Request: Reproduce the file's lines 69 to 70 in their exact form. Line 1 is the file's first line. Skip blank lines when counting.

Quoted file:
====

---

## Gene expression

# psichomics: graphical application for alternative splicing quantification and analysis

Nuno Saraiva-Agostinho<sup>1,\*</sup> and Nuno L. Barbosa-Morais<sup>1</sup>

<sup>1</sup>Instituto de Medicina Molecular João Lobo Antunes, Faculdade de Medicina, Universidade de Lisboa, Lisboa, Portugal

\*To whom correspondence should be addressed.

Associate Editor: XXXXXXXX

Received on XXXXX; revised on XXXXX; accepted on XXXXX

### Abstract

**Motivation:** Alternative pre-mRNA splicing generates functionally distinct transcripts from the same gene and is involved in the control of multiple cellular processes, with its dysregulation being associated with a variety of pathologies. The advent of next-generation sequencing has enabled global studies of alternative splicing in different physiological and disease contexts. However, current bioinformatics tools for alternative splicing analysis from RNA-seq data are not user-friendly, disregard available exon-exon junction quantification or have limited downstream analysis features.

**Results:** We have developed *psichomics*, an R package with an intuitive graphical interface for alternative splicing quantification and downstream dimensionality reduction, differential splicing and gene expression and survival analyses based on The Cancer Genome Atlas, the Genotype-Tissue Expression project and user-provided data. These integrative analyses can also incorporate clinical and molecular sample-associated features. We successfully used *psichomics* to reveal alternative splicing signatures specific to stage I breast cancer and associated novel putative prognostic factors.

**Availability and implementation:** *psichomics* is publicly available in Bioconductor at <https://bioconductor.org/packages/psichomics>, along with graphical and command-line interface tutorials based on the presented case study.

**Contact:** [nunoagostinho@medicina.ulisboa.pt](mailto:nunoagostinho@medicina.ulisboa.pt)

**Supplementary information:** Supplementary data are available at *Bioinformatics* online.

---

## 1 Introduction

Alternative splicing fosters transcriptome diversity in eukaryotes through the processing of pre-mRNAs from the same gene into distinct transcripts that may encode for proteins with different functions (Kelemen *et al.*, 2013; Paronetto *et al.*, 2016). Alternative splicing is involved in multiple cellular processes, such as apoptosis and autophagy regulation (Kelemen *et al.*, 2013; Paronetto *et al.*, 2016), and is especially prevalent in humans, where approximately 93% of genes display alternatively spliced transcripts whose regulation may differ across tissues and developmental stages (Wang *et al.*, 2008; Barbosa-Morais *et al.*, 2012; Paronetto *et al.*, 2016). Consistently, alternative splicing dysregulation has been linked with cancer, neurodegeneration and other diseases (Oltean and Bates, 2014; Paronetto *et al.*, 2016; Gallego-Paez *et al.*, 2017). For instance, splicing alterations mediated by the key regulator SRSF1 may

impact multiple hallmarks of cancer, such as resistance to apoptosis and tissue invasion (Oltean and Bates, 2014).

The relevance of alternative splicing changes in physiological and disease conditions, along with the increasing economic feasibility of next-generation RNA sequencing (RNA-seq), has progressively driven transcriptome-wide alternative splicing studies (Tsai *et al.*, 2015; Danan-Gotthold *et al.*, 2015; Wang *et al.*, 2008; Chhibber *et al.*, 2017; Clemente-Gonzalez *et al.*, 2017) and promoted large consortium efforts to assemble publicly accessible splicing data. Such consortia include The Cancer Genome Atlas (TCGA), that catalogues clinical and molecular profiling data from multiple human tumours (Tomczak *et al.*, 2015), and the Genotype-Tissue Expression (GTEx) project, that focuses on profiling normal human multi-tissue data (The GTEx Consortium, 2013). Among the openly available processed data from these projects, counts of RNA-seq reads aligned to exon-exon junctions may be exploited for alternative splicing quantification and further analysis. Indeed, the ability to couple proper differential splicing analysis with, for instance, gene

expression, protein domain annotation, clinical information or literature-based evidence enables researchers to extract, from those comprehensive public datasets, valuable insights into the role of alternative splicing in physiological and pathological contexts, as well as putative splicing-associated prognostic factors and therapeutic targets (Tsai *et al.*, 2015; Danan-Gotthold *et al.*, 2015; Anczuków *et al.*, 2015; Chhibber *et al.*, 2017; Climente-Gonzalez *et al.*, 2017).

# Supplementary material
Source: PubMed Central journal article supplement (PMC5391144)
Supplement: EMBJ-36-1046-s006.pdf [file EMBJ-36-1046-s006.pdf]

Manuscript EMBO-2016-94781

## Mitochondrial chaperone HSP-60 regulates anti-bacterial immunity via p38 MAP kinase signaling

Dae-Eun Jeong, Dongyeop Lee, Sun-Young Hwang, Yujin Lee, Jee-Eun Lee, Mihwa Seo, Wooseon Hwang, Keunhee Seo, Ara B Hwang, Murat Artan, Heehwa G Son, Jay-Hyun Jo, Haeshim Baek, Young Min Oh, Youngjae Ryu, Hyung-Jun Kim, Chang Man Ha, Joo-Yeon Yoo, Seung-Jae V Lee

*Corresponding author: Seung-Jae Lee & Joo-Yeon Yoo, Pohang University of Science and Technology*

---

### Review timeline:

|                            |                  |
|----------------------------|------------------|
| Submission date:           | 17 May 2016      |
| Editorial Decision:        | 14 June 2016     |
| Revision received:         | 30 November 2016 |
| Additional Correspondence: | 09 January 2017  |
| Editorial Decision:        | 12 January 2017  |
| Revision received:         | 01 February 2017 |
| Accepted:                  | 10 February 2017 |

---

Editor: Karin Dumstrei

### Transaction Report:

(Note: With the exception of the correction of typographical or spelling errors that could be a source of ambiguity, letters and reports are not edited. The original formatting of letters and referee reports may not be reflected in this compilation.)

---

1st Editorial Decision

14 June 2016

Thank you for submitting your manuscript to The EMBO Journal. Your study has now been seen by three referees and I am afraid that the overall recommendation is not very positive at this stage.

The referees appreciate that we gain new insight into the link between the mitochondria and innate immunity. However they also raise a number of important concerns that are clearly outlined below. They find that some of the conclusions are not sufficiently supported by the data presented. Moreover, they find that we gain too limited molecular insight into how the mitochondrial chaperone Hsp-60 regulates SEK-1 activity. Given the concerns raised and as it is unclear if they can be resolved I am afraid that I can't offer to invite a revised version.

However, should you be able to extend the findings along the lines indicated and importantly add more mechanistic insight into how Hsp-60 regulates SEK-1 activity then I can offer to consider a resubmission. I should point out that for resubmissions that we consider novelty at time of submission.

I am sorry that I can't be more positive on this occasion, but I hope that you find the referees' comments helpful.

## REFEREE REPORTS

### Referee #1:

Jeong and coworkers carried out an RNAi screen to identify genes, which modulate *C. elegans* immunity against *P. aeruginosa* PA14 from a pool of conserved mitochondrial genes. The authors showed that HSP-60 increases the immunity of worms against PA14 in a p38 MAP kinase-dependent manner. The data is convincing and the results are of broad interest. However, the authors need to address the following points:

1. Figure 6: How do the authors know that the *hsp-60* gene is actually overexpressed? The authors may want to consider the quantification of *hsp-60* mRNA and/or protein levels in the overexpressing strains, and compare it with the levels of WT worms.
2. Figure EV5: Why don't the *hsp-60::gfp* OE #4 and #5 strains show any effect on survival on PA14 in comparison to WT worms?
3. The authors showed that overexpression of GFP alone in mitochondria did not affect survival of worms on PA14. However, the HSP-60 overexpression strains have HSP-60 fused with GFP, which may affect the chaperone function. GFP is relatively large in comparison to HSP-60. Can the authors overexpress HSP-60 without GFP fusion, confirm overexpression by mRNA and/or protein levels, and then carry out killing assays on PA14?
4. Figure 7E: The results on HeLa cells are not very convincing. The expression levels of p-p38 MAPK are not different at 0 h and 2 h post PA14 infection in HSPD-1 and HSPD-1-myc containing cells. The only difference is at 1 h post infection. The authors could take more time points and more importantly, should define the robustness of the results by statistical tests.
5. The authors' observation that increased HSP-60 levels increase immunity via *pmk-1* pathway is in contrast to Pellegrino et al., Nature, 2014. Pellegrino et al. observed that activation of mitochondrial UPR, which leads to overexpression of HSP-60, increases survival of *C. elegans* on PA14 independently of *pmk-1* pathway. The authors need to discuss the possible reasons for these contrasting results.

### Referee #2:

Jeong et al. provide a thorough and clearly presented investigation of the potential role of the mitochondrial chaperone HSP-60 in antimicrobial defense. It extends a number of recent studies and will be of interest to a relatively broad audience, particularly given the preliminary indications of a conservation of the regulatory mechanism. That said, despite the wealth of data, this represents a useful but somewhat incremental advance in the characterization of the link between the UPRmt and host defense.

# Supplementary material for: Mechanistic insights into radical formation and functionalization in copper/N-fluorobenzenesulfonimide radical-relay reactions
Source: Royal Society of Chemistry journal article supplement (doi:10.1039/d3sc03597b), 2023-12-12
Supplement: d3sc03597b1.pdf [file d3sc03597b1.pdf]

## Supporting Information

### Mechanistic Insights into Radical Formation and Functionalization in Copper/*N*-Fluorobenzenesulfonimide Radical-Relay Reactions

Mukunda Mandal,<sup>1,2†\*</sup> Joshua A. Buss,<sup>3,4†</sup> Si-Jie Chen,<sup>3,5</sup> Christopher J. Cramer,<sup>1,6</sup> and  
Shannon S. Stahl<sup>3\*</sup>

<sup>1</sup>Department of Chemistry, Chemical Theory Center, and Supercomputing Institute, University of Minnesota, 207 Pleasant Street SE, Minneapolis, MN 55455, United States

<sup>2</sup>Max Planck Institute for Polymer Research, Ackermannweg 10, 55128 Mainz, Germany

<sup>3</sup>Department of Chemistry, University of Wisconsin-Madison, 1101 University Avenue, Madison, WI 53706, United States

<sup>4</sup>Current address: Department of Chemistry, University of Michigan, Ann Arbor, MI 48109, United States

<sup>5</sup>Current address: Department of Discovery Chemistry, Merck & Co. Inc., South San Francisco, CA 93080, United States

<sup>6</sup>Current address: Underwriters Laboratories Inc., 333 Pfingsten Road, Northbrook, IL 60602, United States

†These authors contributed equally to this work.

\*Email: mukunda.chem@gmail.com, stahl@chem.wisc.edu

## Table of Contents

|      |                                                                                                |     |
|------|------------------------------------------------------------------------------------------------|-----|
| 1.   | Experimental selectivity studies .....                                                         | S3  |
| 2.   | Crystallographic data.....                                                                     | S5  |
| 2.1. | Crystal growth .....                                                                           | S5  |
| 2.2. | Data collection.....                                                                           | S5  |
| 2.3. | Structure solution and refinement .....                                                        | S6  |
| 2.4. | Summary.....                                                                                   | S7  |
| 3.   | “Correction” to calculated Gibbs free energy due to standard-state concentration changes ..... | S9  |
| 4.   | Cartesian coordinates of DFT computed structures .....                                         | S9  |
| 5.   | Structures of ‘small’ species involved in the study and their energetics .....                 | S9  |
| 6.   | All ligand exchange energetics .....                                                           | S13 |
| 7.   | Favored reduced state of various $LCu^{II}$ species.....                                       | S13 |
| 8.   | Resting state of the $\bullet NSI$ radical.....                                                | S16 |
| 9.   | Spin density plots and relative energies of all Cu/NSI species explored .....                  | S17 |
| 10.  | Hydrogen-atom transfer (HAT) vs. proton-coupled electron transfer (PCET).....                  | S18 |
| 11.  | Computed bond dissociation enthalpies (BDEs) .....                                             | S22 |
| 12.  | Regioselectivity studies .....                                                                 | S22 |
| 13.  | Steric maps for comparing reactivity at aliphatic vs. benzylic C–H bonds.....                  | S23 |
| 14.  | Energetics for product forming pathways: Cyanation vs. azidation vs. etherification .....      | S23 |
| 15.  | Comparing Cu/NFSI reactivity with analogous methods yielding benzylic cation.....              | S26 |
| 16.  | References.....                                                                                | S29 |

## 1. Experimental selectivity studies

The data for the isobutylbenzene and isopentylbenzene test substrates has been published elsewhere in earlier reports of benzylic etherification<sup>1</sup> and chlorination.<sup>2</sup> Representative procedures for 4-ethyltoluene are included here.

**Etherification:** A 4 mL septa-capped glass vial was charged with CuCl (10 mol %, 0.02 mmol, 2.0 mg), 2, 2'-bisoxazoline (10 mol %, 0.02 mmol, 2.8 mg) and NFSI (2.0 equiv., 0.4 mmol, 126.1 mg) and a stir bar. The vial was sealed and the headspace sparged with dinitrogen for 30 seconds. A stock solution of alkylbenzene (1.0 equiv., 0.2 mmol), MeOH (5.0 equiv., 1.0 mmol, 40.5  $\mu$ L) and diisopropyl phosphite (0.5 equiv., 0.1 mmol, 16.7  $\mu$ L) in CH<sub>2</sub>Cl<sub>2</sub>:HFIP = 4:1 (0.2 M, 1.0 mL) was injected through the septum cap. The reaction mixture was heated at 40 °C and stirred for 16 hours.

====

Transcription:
<sup>3</sup>Department of Chemistry, University of Wisconsin-Madison, 1101 University Avenue, Madison, WI 53706, United States

<sup>4</sup>Current address: Department of Chemistry, University of Michigan, Ann Arbor, MI 48109, United States